There are 12,000 people living in the Canterbury district with at least one Irish granny or grand-dad. I wondered how they reacted this week when they heard Boris Johnson’s comment about Leo Varadkar, the Irish premier — “Why isn’t he called Murphy like all the rest of them?”
People with ethnic backgrounds are used to dismissals and insults wrapped up as bad jokes, although the Irish attacks have declined significantly in the last twenty years. What is really surprising is that a Prime Minister comes out with such a poisonous barb.
And anti-Irish sentiment is increasingly apparent amongst people close to him. His Home Secretary Priti Patel suggested last year that delaying food imports into Ireland could be used to encourage the Irish to bend to the British will on Brexit. And the Sunday Telegraph talked this week of Leo Varadkar “abjectly doing Brussels’s bidding”, counselling him to “join the Commonwealth” rather than taking orders from “his new imperial masters” within the EU. For anyone with Irish blood (like myself), the allusions here are pretty obvious: Paddy, perennially slow on the uptake, was always better off with his old imperial masters in Britain.
The clique at the top of government now is not representative of Britain as a whole. And the unpleasant comments that they and their supporters make are an embarrassment to the rest of us. Johnson & Co even fall back on old-fashioned sexism, with our new leader famously laughing at hajib-wearing women because, as he puts it, they look like letterboxes. And his Foreign Secretary, Dominic Raab, recently said: “Feminists are now amongst the most obnoxious bigots.”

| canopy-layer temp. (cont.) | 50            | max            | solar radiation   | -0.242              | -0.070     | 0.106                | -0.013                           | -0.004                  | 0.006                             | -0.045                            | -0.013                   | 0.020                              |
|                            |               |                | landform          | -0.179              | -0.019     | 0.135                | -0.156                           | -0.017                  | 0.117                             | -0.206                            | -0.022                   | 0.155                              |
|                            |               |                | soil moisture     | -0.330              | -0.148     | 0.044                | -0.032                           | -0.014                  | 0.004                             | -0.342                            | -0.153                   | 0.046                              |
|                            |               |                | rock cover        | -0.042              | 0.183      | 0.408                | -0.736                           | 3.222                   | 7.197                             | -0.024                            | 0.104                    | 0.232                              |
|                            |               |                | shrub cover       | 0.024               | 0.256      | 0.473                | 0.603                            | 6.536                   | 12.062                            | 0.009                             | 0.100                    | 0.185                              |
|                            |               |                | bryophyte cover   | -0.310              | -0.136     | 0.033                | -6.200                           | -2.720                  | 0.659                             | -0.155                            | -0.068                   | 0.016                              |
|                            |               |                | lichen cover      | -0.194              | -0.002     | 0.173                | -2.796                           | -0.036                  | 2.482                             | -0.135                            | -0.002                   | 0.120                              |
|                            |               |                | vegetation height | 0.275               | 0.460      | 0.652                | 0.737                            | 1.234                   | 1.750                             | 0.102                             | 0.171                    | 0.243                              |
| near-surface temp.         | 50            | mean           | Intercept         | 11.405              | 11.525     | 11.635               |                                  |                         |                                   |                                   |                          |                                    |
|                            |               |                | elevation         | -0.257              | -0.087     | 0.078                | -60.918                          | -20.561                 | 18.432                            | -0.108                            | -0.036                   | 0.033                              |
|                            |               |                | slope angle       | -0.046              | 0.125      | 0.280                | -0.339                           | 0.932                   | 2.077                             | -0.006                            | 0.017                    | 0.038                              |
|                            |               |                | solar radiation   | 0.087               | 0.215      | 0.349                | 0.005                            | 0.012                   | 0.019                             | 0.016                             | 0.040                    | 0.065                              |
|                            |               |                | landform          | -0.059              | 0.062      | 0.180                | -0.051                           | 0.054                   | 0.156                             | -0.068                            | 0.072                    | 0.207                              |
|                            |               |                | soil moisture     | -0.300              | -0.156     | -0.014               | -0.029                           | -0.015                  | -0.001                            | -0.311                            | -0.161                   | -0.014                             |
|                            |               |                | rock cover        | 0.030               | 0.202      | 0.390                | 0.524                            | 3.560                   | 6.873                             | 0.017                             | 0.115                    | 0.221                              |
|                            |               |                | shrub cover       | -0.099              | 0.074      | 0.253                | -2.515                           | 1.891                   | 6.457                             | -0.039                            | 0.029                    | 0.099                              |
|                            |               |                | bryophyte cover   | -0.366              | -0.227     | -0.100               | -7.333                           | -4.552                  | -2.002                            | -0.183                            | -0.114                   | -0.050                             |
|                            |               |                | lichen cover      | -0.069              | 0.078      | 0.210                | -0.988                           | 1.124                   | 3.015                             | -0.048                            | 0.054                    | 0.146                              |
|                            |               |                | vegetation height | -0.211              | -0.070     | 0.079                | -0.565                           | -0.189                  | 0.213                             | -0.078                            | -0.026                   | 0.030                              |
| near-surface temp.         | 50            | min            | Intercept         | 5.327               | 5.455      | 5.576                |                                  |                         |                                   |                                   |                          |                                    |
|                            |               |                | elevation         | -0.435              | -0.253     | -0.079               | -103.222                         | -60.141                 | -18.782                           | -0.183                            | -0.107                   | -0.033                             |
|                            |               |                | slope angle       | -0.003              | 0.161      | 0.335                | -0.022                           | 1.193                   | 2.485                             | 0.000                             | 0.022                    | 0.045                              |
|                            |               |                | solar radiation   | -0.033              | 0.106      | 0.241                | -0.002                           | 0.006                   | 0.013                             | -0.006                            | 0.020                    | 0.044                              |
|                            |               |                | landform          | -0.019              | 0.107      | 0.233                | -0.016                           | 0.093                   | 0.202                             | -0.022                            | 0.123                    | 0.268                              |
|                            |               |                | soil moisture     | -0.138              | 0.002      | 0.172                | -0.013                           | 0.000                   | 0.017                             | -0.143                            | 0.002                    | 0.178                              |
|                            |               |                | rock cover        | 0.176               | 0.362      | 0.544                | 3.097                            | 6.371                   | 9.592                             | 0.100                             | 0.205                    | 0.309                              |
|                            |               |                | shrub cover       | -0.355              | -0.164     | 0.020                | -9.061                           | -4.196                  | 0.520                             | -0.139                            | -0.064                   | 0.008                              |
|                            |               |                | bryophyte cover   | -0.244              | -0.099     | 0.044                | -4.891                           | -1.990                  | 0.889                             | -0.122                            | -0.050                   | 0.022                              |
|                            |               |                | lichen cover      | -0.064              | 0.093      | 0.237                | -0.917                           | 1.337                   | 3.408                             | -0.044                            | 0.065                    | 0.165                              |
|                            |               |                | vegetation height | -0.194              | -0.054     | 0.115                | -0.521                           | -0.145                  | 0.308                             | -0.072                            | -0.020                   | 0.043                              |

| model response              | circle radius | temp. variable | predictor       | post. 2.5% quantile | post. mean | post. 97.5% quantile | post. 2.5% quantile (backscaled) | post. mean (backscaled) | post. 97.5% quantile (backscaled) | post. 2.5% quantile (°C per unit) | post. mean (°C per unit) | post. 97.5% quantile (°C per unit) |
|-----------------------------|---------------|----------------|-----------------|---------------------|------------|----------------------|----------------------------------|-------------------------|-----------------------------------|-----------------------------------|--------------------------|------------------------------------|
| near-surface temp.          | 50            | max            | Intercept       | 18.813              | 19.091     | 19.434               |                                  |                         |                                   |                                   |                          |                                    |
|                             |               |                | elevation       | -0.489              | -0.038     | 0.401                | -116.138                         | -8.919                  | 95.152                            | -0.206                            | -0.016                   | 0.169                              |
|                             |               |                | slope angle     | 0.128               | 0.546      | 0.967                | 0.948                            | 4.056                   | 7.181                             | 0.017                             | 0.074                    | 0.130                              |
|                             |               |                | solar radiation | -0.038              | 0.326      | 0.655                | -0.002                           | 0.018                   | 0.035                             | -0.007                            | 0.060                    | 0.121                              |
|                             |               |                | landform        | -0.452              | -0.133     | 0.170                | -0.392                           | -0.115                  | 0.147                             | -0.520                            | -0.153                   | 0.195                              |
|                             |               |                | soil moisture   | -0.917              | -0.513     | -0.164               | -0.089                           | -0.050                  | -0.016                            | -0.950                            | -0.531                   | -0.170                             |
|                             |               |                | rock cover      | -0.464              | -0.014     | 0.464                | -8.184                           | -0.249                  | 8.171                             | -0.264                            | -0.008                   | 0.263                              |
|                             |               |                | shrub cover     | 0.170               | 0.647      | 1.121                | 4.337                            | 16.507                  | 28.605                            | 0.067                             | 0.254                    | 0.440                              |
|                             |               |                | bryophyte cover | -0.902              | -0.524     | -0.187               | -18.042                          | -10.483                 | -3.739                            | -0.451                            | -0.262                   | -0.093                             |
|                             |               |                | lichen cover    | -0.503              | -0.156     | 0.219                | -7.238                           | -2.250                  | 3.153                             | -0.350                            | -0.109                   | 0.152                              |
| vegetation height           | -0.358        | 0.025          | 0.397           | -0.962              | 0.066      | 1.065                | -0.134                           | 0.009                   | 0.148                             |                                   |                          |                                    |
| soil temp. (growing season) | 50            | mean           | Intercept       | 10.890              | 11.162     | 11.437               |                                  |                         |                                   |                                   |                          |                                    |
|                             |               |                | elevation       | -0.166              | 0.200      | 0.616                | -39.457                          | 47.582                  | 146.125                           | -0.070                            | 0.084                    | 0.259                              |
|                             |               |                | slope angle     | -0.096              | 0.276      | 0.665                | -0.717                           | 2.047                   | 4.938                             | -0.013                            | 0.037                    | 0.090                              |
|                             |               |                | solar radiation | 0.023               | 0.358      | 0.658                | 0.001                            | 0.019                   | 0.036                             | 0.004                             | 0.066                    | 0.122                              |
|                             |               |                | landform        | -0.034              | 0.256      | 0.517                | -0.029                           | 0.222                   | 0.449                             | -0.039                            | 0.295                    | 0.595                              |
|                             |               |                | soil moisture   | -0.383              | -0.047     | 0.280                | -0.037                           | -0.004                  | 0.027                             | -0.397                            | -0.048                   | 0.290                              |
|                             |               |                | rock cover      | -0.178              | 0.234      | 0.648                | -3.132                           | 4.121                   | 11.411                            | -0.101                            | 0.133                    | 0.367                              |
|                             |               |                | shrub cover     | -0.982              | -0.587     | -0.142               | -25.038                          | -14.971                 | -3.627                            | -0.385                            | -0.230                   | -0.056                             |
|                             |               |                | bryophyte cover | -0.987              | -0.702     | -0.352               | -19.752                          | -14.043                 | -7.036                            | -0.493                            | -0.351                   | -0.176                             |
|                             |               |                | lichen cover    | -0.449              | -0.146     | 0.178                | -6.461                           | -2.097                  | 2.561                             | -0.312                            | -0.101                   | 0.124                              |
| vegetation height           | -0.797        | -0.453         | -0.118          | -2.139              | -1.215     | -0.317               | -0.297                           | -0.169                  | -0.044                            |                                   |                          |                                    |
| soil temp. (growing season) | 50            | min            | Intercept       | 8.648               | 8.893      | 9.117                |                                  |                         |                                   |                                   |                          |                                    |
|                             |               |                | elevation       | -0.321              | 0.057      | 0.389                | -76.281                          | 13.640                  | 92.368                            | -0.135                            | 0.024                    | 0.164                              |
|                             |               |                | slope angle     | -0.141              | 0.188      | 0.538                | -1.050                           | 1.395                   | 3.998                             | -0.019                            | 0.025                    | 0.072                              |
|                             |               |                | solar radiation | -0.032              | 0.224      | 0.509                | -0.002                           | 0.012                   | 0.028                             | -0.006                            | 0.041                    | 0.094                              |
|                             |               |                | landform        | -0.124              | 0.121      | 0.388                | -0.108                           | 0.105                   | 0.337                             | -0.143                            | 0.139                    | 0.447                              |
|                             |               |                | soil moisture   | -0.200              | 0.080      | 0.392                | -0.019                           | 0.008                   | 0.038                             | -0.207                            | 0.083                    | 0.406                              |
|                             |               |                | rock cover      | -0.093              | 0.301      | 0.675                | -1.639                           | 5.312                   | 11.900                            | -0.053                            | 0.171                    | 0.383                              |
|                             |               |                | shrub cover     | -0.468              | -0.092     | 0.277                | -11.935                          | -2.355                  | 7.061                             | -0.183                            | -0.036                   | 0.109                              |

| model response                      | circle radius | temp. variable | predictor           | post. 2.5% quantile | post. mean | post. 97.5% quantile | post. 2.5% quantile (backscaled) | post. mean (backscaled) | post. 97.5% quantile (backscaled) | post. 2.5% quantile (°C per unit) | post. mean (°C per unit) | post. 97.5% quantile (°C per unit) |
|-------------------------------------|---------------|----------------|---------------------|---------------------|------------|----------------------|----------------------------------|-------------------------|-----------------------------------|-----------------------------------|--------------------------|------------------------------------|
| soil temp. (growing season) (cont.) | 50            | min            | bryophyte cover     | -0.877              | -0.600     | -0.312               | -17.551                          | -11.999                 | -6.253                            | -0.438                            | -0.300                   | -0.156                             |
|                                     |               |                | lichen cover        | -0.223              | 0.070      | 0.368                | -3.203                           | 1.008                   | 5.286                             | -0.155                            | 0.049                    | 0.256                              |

Most of us will feel uncomfortable with the attitudes underlying such statements. And, for that reason alone, it is hard to see that this coterie will survive for long. We thrive in our diversity in this country and in this city. The Kent and Canterbury Hospital, for instance, would not function without the 14 per cent of its staff who are black, Asian or minority ethnic — and the others from the EU.
As well as having an Indian surname, Leo Varadkar is gay. And at least 20,000 people in Canterbury are totally happy with that, as they showed in June by going to Pride in the Dane John Gardens. And the new diocesan Bishop of Canterbury, also known as the Bishop of Dover, was born in Montego Bay in Jamaica. The Rev Dr Rose Hudson-Wilkin will in November become the country’s first black female bishop — and if you get a chance, go and hear her preach.
But with the Cabinet giving us such a poor example, the rest of us need to stand by one other. And we have numbers on our side. Just looking at the Irish, there are about six million of us with an Irish grandparent in Britain. Within Canterbury, we have 14,500 people living here who were born in the Americas, Asia, Africa, Continental Europe, according to the last (2011) Census. Anyone who has done a DNA test knows that we are all the descendants of migrants. And as a community we are the richer and happier for it.